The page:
If you still haven’t had enough of Steamchicken, check out my other half’s interview with the Chickens not too long ago here.






Album/EP Reviews British Modern Arrangement Sea Folk

Kate Rusby – Life in a Paper Boat (album review)

Artist: Kate Rusby

Pure Records

An album of precise and selective instrumentation that concisely builds atmosphere and quality. Kate Rusby continues her good works through effectively combining traditional words and material with modern arrangements with a final product that impresses across the board.

Kate Rusby as we know is pretty much a folk music staple now. She has won practically all of the BBC2 Radio Folk Awards in a number of categories (Best Live Act, Best Album, Best Original Song, Folk Singer of the Year) to the point where she might have to create a new identity so she can have a stab at the Horizon Award too. It is well-deserved though, she started long before the recent notable boom in folk-pop and is very much a celebrity in these Yorkshire parts alongside Fay Hield and Nancy Kerr (and several others of course) in what could probably be considered the real “Northern Powerhouse”. On her 14th Studio Album (getting over unlucky 13 for some, but not really her) and nearly 25  years in music she brings “Life in a Paper Boat” with a continued humility and charm.


To begin it has to be mentioned that the album artwork is a pleasure to behold. Dark yet colourful on the outside and adorned with paper cut-outs and folds inside there is a playful element to the work that sits alongside the more serious matter of it’s high quality production and photography. The album itself is bright and on listening is quite sensory, it  feels like a series of images are springing up all around and the artist herself to some extent is revelling in her inner child of curiosity. History, myth and wonder are very much a part of what is happening here and can be felt in the skeleton of this endeavour. It does not fully let itself loose though, several of the tracks are grounded in good folk providence and the disc never feels like it strays far from classical influences. For example, the recognisable figures such as “The Ardent Shepherdess”, “The Mermaid”, and “The Witch of Westmorland”  as more fantastical elements are all very present within this musical tapestry.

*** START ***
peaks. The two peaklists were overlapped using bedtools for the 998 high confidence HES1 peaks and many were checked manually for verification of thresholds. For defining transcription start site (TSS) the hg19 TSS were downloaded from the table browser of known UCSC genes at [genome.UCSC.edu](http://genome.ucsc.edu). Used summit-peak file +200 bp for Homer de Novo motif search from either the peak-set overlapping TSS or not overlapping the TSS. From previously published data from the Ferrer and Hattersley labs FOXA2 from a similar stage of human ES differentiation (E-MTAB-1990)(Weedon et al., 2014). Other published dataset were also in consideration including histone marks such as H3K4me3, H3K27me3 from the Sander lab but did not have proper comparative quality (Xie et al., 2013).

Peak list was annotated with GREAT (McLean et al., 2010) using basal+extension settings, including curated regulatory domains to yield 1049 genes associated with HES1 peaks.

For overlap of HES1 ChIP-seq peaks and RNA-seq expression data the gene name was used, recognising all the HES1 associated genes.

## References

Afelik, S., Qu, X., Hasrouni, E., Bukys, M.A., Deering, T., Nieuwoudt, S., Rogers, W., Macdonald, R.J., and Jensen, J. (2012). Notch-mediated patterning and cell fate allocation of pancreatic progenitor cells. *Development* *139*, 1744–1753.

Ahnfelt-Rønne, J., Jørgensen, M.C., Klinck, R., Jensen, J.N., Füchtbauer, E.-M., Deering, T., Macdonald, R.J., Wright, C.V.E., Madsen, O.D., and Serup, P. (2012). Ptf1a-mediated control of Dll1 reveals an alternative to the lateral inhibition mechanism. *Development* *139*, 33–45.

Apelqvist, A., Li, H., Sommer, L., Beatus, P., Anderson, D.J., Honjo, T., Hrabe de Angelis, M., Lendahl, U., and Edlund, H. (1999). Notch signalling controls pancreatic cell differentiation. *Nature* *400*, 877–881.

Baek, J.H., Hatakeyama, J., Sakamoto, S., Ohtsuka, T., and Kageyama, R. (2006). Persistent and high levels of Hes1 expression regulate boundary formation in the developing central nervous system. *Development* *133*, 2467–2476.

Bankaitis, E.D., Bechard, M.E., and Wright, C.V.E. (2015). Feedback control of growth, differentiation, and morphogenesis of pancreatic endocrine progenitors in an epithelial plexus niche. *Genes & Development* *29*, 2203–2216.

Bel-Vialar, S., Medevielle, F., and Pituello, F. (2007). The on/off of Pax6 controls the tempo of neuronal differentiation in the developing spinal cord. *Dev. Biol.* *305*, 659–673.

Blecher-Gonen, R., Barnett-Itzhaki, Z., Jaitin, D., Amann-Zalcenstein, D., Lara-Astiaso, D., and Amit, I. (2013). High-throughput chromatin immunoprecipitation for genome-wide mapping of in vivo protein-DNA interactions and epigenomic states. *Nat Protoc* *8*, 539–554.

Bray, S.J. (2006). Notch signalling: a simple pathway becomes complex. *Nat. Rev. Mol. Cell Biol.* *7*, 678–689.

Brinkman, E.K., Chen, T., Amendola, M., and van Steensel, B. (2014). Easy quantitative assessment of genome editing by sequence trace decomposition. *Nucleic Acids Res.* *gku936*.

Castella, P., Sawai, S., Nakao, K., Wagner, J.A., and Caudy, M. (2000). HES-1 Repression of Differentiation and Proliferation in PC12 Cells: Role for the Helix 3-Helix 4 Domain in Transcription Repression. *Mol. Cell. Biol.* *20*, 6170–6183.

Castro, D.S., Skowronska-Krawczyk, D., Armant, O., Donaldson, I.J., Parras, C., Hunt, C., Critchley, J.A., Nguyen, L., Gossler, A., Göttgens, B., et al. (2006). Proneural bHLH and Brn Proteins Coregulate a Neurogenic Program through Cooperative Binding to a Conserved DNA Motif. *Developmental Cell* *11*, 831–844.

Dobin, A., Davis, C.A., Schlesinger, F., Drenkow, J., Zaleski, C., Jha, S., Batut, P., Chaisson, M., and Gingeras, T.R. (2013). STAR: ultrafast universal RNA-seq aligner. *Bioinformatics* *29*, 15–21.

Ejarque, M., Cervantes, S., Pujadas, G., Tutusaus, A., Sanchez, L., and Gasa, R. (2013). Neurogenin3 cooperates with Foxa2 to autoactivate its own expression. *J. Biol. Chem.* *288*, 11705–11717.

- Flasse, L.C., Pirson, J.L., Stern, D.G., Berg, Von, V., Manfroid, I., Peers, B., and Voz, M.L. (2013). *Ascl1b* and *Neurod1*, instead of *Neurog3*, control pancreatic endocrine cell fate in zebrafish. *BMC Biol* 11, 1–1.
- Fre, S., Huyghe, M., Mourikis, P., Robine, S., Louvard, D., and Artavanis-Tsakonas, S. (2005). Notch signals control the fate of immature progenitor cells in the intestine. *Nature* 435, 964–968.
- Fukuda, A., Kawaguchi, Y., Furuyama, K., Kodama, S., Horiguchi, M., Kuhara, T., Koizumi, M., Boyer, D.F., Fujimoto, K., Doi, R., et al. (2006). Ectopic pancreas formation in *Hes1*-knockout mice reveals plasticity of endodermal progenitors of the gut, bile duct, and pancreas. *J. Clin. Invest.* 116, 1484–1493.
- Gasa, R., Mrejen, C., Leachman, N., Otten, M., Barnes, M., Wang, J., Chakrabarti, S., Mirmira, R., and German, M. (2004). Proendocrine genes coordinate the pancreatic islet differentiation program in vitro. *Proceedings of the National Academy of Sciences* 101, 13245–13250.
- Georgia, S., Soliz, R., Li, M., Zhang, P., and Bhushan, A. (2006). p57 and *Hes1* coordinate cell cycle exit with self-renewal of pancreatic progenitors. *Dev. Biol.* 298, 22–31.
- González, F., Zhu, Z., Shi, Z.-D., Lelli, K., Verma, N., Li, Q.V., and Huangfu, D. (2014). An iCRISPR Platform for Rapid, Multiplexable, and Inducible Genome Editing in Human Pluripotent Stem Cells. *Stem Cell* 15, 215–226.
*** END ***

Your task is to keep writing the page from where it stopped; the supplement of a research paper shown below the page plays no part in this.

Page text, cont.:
Producer Damien O’Kane steps with confidence in his job here as the subjects of the songs vary quite considerably between universal tales of love and more traditional and local content (Pace Egging Song). Much of the album is gentle in nature and aims to persuade by leading the listener through a scented garden rather than shouting down suggestions from a political soapbox.
The album has incredible wide appeal, it is not chic folk or folk music which longs to the gloom and misery it has a strong melody and comes at you with it’s arms wide open. It is accessible but also appeals to history and despite some of the heavier topic within, Kate’s trademark storytelling goes for the heart strings  and manages this with a great deal of success.


On listening, “Benjamin Bowmaneer” is my favourite opening track of an album this year, no questions asked.  The modern drum and golden percussion coupled with Kate’s sirenesque voice brings a character and life to the tailor in the song who goes to war with a horse made of board. An Autumn feeling track it benefits from the artist having one hand creating a fun, believable legend and having one foot where she treads the battlegrounds of old England in the Hundred Years War. It also showcases the album to come with it’s purposeful choices of creating programmed electric drumming (Josh Clark), electric guitar and accompanying strings throughout which gives it a luscious, rolling quality. When you get on to the disc you get a delightful opportunity to hear an artist deep in her stride with music which is warm-heartedness that is traditional in subject but with a modern and attention provoking musical composition. For example, the use of electric guitar and banjo in “The Mermaid” is slight in form in that despite the expected lyrical love for the sea, the ambience created from the instrument feels more like the sun-bleached backing from some late 90’s dance-pop I’ve experienced. Saying this does not to discredit the tune or it’s folk origins, for me the memories of the sun and carefree love of life  was triggered by the unexpected use of these strings here and it certainly brings images of the coast which is certainly part of the sensory intention of the work. Rusby’s voice is particularly seeking in this track and combined with the more tightly wove backing sound sound it constructs the simplicity of an image of the sea, the waves and the joy all together in one place.